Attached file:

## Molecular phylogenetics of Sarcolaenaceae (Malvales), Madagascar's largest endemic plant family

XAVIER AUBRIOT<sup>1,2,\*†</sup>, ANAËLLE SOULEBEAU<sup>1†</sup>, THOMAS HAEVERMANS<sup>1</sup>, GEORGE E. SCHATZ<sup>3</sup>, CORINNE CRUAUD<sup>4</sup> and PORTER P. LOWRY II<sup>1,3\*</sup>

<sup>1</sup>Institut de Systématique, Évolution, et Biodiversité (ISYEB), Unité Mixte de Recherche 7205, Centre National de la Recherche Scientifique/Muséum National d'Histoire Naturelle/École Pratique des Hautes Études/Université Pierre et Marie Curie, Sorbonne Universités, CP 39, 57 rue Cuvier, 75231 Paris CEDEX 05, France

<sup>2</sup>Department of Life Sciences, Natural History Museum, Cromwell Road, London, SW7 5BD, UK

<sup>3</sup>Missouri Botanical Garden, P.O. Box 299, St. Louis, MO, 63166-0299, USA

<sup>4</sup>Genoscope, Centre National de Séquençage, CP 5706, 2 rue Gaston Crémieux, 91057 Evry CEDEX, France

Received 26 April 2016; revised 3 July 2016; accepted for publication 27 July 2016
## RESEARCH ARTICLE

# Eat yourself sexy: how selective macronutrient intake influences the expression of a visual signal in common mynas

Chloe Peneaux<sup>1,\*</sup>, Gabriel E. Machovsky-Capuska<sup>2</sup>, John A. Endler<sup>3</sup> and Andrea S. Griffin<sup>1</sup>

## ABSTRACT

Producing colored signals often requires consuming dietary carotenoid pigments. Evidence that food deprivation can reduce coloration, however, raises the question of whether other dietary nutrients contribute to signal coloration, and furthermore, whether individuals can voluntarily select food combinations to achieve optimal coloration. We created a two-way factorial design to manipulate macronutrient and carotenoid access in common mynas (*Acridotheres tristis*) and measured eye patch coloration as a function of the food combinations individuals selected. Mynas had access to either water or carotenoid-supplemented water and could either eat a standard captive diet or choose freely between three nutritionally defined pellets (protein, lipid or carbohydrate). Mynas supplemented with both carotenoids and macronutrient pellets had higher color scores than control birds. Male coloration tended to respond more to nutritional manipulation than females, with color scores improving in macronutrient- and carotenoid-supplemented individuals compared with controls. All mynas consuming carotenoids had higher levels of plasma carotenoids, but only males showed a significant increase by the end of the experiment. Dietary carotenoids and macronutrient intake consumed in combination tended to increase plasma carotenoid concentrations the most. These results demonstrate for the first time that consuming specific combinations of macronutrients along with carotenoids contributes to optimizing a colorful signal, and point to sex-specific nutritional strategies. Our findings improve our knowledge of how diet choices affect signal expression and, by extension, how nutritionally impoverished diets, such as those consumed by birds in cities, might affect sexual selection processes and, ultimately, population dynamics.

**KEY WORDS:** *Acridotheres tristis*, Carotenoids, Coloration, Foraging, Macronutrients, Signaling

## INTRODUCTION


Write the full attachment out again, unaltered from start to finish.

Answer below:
## Molecular phylogenetics of Sarcolaenaceae (Malvales), Madagascar's largest endemic plant family

XAVIER AUBRIOT<sup>1,2,\*†</sup>, ANAËLLE SOULEBEAU<sup>1†</sup>, THOMAS HAEVERMANS<sup>1</sup>, GEORGE E. SCHATZ<sup>3</sup>, CORINNE CRUAUD<sup>4</sup> and PORTER P. LOWRY II<sup>1,3\*</sup>

<sup>1</sup>Institut de Systématique, Évolution, et Biodiversité (ISYEB), Unité Mixte de Recherche 7205, Centre National de la Recherche Scientifique/Muséum National d'Histoire Naturelle/École Pratique des Hautes Études/Université Pierre et Marie Curie, Sorbonne Universités, CP 39, 57 rue Cuvier, 75231 Paris CEDEX 05, France

<sup>2</sup>Department of Life Sciences, Natural History Museum, Cromwell Road, London, SW7 5BD, UK

<sup>3</sup>Missouri Botanical Garden, P.O. Box 299, St. Louis, MO, 63166-0299, USA

<sup>4</sup>Genoscope, Centre National de Séquençage, CP 5706, 2 rue Gaston Crémieux, 91057 Evry CEDEX, France

Received 26 April 2016; revised 3 July 2016; accepted for publication 27 July 2016
## RESEARCH ARTICLE

# Eat yourself sexy: how selective macronutrient intake influences the expression of a visual signal in common mynas

Chloe Peneaux<sup>1,\*</sup>, Gabriel E. Machovsky-Capuska<sup>2</sup>, John A. Endler<sup>3</sup> and Andrea S. Griffin<sup>1</sup>

## ABSTRACT

Producing colored signals often requires consuming dietary carotenoid pigments. Evidence that food deprivation can reduce coloration, however, raises the question of whether other dietary nutrients contribute to signal coloration, and furthermore, whether individuals can voluntarily select food combinations to achieve optimal coloration. We created a two-way factorial design to manipulate macronutrient and carotenoid access in common mynas (*Acridotheres tristis*) and measured eye patch coloration as a function of the food combinations individuals selected. Mynas had access to either water or carotenoid-supplemented water and could either eat a standard captive diet or choose freely between three nutritionally defined pellets (protein, lipid or carbohydrate). Mynas supplemented with both carotenoids and macronutrient pellets had higher color scores than control birds. Male coloration tended to respond more to nutritional manipulation than females, with color scores improving in macronutrient- and carotenoid-supplemented individuals compared with controls. All mynas consuming carotenoids had higher levels of plasma carotenoids, but only males showed a significant increase by the end of the experiment. Dietary carotenoids and macronutrient intake consumed in combination tended to increase plasma carotenoid concentrations the most. These results demonstrate for the first time that consuming specific combinations of macronutrients along with carotenoids contributes to optimizing a colorful signal, and point to sex-specific nutritional strategies. Our findings improve our knowledge of how diet choices affect signal expression and, by extension, how nutritionally impoverished diets, such as those consumed by birds in cities, might affect sexual selection processes and, ultimately, population dynamics.

**KEY WORDS:** *Acridotheres tristis*, Carotenoids, Coloration, Foraging, Macronutrients, Signaling

## INTRODUCTION